How heavy are the stars?

R136a1 is currently the heaviest known star. It weighs as much as 265 suns. Most stars, however, are much smaller and lighter – down to about one tenth of the mass of the sun. Celestial bodies that have accumulated too little gas cannot ignite nuclear fusion and remain brown dwarfs. Supergiants like R136a1, on the other hand, glow intensely but die young. How heavy are the stars of the universe on average? This is described by the so-called primordial mass function. It says that heavy stars are much rarer than light ones. So the universe is likely to be dominated by lightweights. This is important for our understanding of the evolution of galaxies.

However, the original mass function was established primarily based on measurements from our cosmic environment. Stars in other galaxies can only be observed when they are particularly bright, so there would be a discrepancy here. The assumption is therefore that the Milky Way already will not be such a special galaxy and therefore the conditions here can be transferred well to the whole universe. But in this, astronomers seem to have been wrong so far, according to a new study published in The Astrophysical Journal by a team of researchers at the University of Copenhagen’s Niels Bohr Institute.

Using observations from 140,000 galaxies across the universe and a wide range of advanced models, the team tested whether the same distribution of stars seen in the Milky Way holds elsewhere. The answer is no. Stars in distant galaxies tend to be more massive than those in our local neighborhood. “The mass of stars tells us astronomers a lot. If you change the mass, you change the number of supernovae and black holes that form from massive stars. So our result means we have to revise many of our previous assumptions, because distant galaxies look very different from our own,” said Albert Sneppen, a doctoral student at the Niels Bohr Institute and lead author of the study.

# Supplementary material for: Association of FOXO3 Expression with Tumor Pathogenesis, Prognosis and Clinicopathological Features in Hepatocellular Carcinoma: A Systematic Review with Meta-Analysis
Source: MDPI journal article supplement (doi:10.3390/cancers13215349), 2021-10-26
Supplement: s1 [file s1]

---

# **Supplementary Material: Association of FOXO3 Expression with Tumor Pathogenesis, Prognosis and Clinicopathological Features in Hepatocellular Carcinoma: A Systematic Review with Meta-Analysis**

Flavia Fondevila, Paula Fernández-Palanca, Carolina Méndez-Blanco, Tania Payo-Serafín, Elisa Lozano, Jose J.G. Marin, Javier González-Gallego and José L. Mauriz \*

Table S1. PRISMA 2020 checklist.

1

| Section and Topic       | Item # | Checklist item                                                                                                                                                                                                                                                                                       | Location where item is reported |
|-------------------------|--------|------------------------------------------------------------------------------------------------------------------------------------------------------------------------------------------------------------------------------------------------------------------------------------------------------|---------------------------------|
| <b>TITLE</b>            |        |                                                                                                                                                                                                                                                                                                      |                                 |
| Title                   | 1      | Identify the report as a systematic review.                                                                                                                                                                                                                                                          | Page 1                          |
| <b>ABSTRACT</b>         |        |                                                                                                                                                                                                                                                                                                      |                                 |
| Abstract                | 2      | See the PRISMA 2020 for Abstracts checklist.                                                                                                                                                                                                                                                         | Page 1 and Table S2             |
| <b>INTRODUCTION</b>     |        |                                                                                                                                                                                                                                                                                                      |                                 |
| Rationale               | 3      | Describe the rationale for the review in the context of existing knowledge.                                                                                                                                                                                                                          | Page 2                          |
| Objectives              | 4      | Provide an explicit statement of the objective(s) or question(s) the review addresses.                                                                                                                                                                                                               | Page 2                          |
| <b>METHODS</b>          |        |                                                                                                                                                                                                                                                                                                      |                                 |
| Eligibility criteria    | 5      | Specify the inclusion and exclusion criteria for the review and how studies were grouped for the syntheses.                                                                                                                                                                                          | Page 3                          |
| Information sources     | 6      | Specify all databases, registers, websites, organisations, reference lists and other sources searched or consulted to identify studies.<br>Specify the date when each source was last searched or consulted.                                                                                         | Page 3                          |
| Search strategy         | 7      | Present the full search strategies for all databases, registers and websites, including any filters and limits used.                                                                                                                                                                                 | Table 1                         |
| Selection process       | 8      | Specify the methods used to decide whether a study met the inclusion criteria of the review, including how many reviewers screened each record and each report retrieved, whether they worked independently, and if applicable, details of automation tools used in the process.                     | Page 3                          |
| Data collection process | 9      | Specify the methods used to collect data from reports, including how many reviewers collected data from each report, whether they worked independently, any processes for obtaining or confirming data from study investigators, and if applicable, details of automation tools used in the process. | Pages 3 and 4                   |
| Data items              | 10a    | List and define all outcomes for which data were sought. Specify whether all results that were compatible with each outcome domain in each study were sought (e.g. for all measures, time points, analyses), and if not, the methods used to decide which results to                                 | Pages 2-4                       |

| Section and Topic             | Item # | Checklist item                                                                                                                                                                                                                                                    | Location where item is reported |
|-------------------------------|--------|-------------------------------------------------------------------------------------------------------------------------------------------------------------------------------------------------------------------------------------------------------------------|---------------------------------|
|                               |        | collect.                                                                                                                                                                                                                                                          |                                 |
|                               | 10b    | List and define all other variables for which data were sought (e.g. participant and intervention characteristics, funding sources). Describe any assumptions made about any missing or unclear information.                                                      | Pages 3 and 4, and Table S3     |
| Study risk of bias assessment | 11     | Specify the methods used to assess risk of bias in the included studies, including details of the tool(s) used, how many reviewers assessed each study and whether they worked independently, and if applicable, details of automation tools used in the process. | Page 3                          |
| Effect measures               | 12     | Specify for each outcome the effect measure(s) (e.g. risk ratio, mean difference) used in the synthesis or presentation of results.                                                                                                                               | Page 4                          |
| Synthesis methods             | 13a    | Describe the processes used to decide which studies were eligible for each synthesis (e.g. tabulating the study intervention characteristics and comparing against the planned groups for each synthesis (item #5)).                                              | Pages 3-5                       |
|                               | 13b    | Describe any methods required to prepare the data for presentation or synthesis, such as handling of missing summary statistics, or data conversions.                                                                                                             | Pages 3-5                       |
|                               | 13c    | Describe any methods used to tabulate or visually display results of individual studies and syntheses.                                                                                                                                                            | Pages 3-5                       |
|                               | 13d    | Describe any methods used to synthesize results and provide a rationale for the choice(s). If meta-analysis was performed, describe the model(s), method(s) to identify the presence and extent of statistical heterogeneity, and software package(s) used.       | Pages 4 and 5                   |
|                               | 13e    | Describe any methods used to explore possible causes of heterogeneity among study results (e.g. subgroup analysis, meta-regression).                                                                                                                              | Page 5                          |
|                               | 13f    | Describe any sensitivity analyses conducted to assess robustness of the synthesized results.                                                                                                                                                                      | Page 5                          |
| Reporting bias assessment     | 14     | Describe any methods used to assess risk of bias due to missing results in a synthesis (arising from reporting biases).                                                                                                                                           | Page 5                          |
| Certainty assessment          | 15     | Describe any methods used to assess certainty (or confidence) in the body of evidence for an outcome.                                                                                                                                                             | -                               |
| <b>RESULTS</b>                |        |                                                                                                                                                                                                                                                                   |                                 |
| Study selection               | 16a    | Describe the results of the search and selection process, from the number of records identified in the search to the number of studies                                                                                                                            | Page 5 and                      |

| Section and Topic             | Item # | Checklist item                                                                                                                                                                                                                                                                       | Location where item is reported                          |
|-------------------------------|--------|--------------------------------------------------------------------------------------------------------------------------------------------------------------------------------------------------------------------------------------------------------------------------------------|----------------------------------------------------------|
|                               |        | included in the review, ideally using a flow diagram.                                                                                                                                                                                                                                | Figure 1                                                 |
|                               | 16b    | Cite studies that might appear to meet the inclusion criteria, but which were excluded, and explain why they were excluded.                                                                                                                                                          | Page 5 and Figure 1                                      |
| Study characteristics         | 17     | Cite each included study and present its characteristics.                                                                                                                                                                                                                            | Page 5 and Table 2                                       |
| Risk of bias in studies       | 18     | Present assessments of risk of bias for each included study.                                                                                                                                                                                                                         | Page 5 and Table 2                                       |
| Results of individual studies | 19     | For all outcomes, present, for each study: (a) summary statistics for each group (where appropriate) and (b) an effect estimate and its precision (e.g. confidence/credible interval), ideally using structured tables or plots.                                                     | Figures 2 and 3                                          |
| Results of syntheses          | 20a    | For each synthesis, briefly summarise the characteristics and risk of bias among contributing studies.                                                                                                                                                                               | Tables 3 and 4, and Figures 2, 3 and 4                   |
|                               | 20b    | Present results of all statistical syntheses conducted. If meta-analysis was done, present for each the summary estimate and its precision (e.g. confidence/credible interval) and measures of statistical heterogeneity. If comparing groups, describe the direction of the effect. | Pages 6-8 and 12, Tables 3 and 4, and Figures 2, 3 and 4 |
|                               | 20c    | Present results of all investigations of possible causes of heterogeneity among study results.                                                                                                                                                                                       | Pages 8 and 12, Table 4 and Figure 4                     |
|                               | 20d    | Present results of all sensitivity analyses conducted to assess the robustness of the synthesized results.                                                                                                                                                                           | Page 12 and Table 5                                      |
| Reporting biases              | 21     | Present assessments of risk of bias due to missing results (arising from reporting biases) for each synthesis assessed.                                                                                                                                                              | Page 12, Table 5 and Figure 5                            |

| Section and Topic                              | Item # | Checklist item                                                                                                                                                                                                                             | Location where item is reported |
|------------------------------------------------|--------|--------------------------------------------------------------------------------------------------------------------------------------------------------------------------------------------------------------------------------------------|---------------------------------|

According to the researchers, the new discovery will have a variety of implications. For example, it remains unclear why galaxies die and stop forming new stars. The new finding suggests that this could be explained by a simple trend. “Now that we are better able to decipher the mass of stars, we can see a new pattern: The less massive galaxies continue to form stars, while the more massive galaxies stop giving birth to new stars. This suggests a remarkably universal trend in the death of galaxies,” Sneppen says.

Artist’s impression of R136a1 (Image: Sephirohq, CC-BY 3.0).


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  • BrandonQMorris
  • Brandon Q. Morris is a physicist and space specialist. He has long been concerned with space issues, both professionally and privately and while he wanted to become an astronaut, he had to stay on Earth for a variety of reasons. He is particularly fascinated by the “what if” and through his books he aims to share compelling hard science fiction stories that could actually happen, and someday may happen. Morris is the author of several best-selling science fiction novels, including The Enceladus Series.

    Brandon is a proud member of the Science Fiction and Fantasy Writers of America and of the Mars Society.